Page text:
One day later I read two articles worth reading about the murder on Sarai Sierra.
In With your head up high by Frederieke Geerdink, I reckognize a lot of my own experiences although as mentioned I do not always feel safe and sound here and also try to trust my gut-feeling as much as possible in those cases, as in the past my naivety brought me in various dangerous situations.
I had my share of gender defined difficulties and try to stay more tuned with my inner antennas. Which includes the walking like I belong bit, like the Turkish women do, with my head up. As well trying to get information about neighborhoods upfront, preferably from different sources, as there is a different story from, for example, a Dutch correspondent living here since 5 years, male, and a Turkish modern woman who lives here all her life. Compare notes, and learn, is my device.
But what Alyson Neel is experiencing on a day to day basis, or so it seems, I cannot reckognize in the least.
She feels harassed every single day in Istanbul. I would love to spend one of those days together with her, and again, compare notes in the end, and analyze.
I meet and that is the case for 99,9% of the time, only helpful, friendly people. A barber who I go and ask for directions comes out of his shop to show me on the street where to go. Street vendors go out of there way to point out where the specific corner is where I have to go right. tattood ladies with a fag in there mouth nod when I ask if this is the right way to Tarlabsi. The one exception being one bus-driver yesterday who did not even take the effort to understand what I was asking him. I don’t romanisize but this is my experience so far and not Neels In Istanbul street harrasment is a constant.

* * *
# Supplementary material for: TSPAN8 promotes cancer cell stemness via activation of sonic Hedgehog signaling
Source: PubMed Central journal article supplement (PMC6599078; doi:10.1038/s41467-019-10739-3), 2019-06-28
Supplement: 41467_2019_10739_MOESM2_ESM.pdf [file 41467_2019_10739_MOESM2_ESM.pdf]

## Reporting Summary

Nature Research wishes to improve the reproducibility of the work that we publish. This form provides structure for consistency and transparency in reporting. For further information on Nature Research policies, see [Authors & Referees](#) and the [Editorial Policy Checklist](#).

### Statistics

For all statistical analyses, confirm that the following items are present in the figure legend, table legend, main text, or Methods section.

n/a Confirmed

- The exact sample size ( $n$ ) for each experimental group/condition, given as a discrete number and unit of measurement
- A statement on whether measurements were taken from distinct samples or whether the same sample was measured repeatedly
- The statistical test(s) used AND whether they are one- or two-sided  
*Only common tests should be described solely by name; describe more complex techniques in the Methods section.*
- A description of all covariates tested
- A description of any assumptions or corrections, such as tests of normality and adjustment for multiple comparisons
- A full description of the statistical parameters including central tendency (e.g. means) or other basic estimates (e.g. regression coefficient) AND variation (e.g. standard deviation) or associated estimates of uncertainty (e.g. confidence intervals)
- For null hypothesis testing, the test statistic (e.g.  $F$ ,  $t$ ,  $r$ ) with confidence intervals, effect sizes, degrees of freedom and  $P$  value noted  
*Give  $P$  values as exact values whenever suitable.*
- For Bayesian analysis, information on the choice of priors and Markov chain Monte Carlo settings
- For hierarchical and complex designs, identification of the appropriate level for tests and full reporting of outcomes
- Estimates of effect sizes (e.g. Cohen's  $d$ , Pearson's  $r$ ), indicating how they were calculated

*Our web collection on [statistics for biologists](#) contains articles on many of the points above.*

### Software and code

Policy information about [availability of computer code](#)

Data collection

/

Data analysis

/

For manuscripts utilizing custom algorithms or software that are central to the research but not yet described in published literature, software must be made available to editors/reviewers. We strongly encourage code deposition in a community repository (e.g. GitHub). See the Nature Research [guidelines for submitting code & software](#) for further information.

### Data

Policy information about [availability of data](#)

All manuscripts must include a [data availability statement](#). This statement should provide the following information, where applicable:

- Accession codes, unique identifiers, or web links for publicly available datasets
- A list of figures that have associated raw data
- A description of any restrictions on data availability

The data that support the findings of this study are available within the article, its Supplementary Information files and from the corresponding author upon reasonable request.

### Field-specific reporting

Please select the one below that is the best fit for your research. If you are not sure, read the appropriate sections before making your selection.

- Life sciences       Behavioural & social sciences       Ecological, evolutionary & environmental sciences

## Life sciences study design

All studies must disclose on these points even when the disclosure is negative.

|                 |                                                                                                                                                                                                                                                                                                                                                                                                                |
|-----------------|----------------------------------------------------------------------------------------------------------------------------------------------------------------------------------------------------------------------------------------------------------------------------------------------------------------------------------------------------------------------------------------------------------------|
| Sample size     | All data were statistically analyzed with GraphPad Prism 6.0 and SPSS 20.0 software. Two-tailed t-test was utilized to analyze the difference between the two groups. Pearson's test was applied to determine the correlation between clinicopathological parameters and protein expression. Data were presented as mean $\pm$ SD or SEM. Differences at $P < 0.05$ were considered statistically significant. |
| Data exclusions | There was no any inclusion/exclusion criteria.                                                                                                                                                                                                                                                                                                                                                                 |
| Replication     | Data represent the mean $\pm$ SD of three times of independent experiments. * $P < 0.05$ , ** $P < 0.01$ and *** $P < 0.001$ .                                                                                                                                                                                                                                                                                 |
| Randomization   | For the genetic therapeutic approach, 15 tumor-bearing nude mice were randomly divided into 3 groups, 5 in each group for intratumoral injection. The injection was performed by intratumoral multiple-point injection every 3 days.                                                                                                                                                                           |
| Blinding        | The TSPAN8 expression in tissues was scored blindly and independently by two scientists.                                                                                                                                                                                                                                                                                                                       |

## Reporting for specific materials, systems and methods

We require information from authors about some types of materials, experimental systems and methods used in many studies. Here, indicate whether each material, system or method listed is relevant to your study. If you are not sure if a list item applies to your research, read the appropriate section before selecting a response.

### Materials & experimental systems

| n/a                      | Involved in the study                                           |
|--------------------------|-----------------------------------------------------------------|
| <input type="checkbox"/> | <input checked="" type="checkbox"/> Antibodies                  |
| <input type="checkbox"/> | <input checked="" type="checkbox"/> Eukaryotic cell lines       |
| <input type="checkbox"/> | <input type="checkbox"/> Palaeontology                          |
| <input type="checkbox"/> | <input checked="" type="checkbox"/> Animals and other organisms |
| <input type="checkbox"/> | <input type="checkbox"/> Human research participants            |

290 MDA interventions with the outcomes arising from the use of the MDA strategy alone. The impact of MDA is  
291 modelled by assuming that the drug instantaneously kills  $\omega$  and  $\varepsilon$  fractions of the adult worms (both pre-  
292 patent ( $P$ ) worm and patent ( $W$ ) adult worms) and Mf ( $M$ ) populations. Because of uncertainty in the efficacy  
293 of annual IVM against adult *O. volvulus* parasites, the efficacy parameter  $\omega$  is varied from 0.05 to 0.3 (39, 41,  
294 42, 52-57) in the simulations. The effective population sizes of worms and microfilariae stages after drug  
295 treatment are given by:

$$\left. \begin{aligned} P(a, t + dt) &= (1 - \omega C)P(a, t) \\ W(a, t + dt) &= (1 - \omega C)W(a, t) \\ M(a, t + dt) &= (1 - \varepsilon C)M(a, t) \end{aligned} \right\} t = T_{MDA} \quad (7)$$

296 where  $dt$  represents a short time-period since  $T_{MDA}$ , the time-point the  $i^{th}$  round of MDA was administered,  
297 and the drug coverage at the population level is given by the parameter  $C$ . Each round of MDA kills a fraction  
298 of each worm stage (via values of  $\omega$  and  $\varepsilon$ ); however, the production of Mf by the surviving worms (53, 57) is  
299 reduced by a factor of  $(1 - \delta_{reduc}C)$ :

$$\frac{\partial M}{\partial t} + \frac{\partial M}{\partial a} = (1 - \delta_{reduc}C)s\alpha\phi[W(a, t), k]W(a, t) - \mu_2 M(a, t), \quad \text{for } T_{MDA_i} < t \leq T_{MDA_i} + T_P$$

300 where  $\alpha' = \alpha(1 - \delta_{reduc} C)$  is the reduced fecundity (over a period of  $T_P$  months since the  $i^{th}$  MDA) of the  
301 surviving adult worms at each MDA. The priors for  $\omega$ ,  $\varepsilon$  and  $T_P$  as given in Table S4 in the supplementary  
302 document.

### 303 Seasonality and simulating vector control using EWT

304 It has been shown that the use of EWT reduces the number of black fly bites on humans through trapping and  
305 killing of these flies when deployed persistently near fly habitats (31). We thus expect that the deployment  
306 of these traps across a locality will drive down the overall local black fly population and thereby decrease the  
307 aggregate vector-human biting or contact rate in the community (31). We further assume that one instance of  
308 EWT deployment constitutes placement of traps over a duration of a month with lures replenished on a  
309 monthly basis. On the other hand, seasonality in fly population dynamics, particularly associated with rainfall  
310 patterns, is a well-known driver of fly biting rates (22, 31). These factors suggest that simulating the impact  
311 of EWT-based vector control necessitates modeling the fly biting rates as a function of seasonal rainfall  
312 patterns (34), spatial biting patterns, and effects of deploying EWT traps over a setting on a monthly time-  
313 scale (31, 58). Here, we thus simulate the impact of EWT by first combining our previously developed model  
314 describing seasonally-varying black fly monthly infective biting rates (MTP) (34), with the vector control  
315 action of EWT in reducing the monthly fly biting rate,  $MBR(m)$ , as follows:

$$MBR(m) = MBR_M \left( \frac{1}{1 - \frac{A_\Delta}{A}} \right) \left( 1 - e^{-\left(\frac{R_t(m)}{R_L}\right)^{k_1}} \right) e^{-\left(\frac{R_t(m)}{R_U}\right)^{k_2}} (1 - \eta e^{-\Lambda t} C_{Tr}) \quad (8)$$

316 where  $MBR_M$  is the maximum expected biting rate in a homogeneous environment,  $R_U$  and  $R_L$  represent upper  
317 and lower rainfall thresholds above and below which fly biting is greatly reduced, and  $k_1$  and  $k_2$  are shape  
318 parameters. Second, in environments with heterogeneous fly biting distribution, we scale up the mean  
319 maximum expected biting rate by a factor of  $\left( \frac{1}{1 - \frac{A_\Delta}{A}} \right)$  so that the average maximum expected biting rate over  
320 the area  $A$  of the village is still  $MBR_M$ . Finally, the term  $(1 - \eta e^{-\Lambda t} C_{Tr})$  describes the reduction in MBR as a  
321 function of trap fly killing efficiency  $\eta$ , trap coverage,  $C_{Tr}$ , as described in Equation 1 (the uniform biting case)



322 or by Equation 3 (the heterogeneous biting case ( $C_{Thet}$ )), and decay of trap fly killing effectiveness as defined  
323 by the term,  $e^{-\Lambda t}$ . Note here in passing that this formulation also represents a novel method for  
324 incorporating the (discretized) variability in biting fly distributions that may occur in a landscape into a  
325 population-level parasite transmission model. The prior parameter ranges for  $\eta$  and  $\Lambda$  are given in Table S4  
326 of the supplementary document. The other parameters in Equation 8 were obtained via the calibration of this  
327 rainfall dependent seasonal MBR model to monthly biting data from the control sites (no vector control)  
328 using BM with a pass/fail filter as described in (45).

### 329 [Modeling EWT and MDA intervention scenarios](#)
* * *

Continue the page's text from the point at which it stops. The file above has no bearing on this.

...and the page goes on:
So yes, speaking the language is an extreme advantage, but also the combination of attitude and a healthy portion of common sense all are quite valuable and important, and like in every big city, staying aware of your surroundings.
Even a couple of spoken words, especially the ‘No, thank you’ in combination sometimes with a polite but resolute ‘tesekurler’ when you are invited in a shop, guarantees more personal space than walking along and passing with a stiff face pretending you do not see or hear what is being said to you.
And I can only say: if you have to travel from Taksim, meaning Tarlabasi, to Bakirkoy, do take the big city bus and let the Dolmus pass, because I old fashionately feared for my life on the way back, as the driver of the mini-van was indeed making a totally irresponsible effort to get there faster than lightning.
So much may be clear, Sarai Sierra met the worst case scenario and yes it is a tight line of common sense, being well prepared and keep your eyes open.
I got out of the dolmus and walked the last 500 meters to the underground / Metro entrance of Taksim, as the traffic prevented him and us to move, and I continued my way.